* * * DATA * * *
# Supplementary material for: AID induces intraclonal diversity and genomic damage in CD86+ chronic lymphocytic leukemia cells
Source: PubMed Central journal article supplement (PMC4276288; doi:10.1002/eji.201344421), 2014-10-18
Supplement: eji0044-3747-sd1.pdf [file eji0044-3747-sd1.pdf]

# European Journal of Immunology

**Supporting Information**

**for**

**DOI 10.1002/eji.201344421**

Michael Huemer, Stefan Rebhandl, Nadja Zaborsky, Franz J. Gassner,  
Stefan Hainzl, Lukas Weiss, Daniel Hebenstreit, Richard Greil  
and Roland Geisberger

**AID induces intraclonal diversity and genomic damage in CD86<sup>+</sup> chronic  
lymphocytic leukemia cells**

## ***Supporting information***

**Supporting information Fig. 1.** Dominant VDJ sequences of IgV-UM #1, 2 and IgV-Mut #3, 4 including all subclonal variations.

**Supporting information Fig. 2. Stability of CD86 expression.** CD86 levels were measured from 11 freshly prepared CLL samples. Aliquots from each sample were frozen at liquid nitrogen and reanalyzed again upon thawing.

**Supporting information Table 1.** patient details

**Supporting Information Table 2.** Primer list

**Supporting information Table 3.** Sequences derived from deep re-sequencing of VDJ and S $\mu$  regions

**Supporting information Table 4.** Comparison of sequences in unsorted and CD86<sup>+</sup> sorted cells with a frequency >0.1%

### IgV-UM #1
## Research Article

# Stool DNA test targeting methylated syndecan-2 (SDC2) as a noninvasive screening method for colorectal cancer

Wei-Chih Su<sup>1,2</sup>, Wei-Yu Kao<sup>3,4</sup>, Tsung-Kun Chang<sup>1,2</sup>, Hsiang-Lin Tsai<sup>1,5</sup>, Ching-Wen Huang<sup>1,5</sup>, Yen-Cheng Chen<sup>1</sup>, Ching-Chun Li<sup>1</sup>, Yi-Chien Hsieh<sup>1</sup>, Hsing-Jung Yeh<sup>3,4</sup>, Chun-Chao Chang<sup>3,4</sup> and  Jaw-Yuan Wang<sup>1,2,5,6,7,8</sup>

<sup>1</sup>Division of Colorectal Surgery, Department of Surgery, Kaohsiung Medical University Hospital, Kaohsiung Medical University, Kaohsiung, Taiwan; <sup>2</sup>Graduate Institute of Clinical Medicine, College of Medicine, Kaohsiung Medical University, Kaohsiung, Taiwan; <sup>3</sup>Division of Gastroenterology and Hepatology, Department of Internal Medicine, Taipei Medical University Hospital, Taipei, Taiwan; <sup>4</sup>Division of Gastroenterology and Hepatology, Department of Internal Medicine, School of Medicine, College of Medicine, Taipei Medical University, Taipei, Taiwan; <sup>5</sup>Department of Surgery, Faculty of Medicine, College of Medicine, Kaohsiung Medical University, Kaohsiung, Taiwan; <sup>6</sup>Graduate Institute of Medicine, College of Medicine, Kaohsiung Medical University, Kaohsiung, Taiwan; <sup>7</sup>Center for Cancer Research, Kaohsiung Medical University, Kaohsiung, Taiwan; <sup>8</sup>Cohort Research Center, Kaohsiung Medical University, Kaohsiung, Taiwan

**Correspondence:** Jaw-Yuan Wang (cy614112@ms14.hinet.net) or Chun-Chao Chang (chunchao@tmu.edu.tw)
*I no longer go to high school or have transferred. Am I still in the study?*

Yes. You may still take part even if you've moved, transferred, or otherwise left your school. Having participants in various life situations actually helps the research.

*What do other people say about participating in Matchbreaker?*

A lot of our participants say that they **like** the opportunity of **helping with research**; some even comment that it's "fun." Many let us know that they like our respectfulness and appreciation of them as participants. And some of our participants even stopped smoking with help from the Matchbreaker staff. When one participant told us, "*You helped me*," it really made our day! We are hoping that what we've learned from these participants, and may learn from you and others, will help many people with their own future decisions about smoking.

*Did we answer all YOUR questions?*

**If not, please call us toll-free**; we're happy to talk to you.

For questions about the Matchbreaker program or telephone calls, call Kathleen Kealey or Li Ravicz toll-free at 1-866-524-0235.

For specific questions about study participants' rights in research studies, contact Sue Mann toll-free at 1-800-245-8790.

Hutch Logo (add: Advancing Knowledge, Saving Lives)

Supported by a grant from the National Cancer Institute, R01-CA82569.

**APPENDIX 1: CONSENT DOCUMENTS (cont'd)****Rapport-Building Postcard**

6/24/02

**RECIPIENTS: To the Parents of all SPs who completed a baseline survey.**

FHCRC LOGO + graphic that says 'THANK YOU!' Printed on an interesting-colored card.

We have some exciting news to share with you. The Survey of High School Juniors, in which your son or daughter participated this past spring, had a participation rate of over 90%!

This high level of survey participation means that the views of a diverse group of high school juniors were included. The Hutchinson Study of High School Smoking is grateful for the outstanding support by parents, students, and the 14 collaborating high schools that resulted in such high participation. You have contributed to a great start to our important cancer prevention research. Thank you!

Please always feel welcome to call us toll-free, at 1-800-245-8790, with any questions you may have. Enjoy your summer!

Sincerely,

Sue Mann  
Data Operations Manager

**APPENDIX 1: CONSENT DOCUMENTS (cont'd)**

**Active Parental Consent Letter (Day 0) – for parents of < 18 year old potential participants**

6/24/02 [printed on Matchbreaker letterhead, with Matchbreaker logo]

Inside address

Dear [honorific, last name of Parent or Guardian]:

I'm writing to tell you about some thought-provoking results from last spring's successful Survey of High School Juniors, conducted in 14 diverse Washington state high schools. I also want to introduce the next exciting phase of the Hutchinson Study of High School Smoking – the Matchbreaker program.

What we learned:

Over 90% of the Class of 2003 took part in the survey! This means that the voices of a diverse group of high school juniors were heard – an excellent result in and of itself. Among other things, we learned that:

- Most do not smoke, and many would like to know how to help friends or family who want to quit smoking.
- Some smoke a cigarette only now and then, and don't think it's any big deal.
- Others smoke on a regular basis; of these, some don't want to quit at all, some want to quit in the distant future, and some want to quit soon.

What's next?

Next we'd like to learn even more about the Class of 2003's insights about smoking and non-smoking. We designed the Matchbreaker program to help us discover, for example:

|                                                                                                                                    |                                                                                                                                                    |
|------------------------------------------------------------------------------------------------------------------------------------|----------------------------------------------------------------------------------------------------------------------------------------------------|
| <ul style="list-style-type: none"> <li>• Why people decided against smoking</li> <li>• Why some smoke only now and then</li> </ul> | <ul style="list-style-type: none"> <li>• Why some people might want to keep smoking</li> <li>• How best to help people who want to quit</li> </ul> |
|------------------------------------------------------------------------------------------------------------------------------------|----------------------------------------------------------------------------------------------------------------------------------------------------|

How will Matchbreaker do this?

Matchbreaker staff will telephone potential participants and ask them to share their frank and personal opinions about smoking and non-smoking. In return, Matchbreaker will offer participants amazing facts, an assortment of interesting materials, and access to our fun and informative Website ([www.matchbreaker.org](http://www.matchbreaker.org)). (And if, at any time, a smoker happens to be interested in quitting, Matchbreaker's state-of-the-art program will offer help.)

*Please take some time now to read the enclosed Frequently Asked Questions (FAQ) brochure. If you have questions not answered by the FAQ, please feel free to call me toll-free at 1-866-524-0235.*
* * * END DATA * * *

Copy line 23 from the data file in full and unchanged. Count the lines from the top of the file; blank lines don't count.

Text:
Wei-Chih Su<sup>1,2</sup>, Wei-Yu Kao<sup>3,4</sup>, Tsung-Kun Chang<sup>1,2</sup>, Hsiang-Lin Tsai<sup>1,5</sup>, Ching-Wen Huang<sup>1,5</sup>, Yen-Cheng Chen<sup>1</sup>, Ching-Chun Li<sup>1</sup>, Yi-Chien Hsieh<sup>1</sup>, Hsing-Jung Yeh<sup>3,4</sup>, Chun-Chao Chang<sup>3,4</sup> and  Jaw-Yuan Wang<sup>1,2,5,6,7,8</sup>